Why is racism so hard to call out?

7 Nov
Prepping for a facilitation tomorrow, I watched Jay Smooth’s “How To Tell Someone They Sound Racist” video (http://www.youtube.com/watch?v=b0Ti-gkJiXc) again, and I happened to notice the first viewer comment, titled “Why is racism so hard to call out?”
I’m glad I did. I really appreciate Alida Brandenburg’s open self-reflection, which I’m copying here [emphasis hers]:
Last night I drove to visit my mom up at my childhood home in the quiet, quaint, community-oriented neighborhood where I grew up. A block away from reaching the house we stopped at the historical corner grocery store that had just reopened as a market after previously downgrading into a liquor store when it was sold to new owners, an Indian man and his wife. The most recent owner, Andy Bachich, who owns another neighborhood market in the area, promptly went to work gutting the place after his purchase and restored the store to its former status as community hub with fresh produce and a mouth-watering sandwich menu. Nostalgic for the days when Charlie the Butcher gave us neighborhood-kids cheese slices when we’d pop in to buy $0.45 candy after school, I was delighted by this renovation. What I was not pleased with, however, was the conversation I overheard during this first visit as I stood waiting for assistance at the deli.
Customer in front of me: “Did you live here when those last people bought it and took over?” Deli employee: “Oh yeah, it was so bad.”
Customer, chuckling: “I know. They didn’t even speak the right language, it smelled horrible, it was always dirty…
Deli employee, laughing contemptuously along with the customer: “Oh, I know. We could never get that smell of incense out. We ended up tearing down the walls. That was the only thing that did it.”’
The color drained from my face and my heart began to race. I couldn’t believe I was hearing this. I’d stopped in that store plenty of times after the Indian owners took over. The husband spoke perfect English, was incredibly polite, and always did his best to accommodate me. He repeatedly assured me that if there was anything I needed that they didn’t have, they would happily order it for me. (Granted, the change in owners did leave a lot to be desired, but “right language”? I’m at a loss for words just typing that. My blood is boiling again at the thought.)
My mind began stuttering. I felt the overwhelming urge to say something, but I wasn’t sure what. I started reflecting on +Jay Smooth ‘s brilliant “How To Tell People They Sound Racist” video, to scramble together some semblance of a coherent response to this injustice. I wondered: How do I tactfully handle this situation? Is it my place to even say something? In particular, the customer in front of me was an elderly man. Was it even worth trying to start such a discussion in this type of setting and with such limited time?
And sure enough, I missed my window. The deli employee was now smiling down at me asking how he could help me, while the customer waved his goodbye and sauntered to the check-out, his ignorance intact. I thought to respond with, “How about I help you by educating you on racial stereotypes and the inappropriateness of the public conversation you just had?” but I bit my lip. I chickened out.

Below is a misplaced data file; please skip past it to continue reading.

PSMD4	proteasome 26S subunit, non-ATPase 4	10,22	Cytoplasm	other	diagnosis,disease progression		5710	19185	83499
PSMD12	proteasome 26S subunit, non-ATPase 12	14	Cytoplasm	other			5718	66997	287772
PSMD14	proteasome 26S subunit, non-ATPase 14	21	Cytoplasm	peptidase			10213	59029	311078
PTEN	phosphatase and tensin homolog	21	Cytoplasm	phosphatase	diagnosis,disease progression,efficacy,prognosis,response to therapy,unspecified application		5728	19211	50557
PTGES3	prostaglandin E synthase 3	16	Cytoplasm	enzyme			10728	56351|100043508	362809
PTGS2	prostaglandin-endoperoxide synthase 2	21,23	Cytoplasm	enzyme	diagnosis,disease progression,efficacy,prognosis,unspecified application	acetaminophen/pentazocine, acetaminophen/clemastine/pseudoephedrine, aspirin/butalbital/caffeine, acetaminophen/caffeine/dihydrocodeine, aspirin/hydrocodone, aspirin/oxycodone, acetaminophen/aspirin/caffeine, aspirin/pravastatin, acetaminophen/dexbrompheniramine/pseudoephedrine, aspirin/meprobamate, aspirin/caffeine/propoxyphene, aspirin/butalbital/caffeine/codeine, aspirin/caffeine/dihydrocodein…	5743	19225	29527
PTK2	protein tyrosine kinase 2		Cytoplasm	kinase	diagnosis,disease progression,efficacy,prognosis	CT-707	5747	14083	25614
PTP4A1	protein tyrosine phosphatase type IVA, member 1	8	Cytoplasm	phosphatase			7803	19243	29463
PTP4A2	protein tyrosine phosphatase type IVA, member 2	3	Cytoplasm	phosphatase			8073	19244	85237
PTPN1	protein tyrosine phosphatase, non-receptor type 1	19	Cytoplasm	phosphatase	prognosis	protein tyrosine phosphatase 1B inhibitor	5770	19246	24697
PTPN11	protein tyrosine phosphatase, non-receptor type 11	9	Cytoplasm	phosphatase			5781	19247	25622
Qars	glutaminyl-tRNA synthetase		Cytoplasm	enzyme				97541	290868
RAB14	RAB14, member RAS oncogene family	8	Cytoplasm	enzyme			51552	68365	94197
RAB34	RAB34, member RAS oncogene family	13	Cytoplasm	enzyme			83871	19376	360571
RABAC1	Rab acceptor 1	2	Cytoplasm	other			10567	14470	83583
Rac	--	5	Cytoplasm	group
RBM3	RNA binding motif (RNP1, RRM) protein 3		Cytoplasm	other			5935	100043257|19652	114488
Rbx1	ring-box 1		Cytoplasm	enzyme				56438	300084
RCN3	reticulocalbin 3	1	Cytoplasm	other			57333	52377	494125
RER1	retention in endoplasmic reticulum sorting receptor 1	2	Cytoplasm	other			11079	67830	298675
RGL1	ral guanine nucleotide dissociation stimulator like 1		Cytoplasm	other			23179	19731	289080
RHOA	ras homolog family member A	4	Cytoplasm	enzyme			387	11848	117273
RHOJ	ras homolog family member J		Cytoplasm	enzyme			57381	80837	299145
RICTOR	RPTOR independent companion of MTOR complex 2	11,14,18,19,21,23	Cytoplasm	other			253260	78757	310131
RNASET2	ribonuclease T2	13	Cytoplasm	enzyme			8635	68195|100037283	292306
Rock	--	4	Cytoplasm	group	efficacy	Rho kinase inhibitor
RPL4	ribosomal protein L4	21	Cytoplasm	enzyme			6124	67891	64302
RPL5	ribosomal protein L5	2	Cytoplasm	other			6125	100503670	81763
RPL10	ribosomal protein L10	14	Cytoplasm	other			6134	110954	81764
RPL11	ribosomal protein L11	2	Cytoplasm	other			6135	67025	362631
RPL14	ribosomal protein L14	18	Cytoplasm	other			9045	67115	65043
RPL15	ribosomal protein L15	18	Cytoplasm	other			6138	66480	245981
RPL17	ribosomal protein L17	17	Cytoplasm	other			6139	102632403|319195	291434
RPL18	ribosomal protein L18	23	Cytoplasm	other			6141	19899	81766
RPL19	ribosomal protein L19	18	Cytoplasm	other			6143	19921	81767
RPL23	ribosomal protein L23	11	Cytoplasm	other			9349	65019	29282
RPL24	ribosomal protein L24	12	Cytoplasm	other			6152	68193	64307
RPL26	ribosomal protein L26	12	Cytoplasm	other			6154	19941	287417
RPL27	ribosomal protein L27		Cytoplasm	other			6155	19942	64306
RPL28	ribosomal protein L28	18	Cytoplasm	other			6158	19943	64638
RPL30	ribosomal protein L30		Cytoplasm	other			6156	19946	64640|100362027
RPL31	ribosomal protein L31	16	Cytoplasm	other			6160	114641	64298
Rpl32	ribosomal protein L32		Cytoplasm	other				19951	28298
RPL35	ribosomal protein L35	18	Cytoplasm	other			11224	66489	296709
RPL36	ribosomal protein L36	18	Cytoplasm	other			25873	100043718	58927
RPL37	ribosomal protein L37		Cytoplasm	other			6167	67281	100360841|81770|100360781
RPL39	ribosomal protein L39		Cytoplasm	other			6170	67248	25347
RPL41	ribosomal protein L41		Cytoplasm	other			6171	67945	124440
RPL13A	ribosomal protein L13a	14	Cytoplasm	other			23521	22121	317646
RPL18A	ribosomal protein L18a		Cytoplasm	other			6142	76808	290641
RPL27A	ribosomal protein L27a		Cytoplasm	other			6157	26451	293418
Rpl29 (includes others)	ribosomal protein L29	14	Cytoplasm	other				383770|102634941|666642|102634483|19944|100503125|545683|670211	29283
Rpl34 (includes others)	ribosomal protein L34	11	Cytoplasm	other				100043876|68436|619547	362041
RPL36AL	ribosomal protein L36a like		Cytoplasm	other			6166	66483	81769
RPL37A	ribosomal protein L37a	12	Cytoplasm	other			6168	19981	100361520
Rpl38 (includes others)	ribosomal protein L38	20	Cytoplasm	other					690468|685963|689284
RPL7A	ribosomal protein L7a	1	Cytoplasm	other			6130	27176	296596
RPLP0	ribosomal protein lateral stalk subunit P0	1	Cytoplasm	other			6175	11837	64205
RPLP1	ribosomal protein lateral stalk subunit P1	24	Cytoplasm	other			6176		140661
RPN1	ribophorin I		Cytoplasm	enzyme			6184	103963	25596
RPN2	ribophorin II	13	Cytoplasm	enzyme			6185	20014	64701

And I loathed myself for it. I ruminated over it for the next hour as I sat in my mom’s what-now-felt too-small living room, a prison of my own cowardice. If you know anything about me, you know that I am, and always have been, one of the most outspoken people you’ll come across in your life. I am the first to decry injustice and the last to stop fighting for it. One of the first lessons my parents impressed upon me- mostly out of necessity after I repeatedly got in trouble at school for speaking out for students/against faculty too much- was the importance of choosing your battles. And here I was, poised for one worth fighting for, and I was left speechless? For one of the first times ever? I felt ashamed. I found myself silently thanking my lucky stars that ABC’s What Would You Do? ( http://goo.gl/mJo8F ) cast did not pop out from behind the potato chips to expose me that day. John Quiñones would be so disappointed.
But mostly I was disappointed in myself, and left feeling very confused. Why didn’t I say something? What held me back? Part of it was the voice in my head saying, “Pick your battles,” but I think it was also that I didn’t want to make the two men uncomfortable. I didn’t want to embarrass them, make a scene, or have it turn into a situation where they ganged up on me. Moreover, I didn’t want it to turn on me- for people to accuse me of making a bigger deal out of it than it was, like I was being hyper-reactive.
So here it is tomorrow, and it’s still not sitting right with me. It’s making me question a lot of things, mostly why I felt so conflicted about speaking up. Why is this so difficult? Would you have said something? If so, what? If no, why not?
Alida got me thinking about times I haven’t spoken up when someone says or does something discriminatory, because, like Alida, I also do speak up. So what’s going on in those interactions when I don’t? What’s my excuse? Sure, sometimes I’m tired, sometimes I rationalize that it’s not worth the effort, sometimes I’m inexplicably worried about the feelings of the person who just gave themselves license to discriminate, and sometimes I’m worried about the blowback on me.
But what I feel I should be worried about as well is what I’m practicing, what habits I’m norming, what comfort with inaction I’m habituating myself to, and what it does to me to not avoid the conflict but just internalize it.

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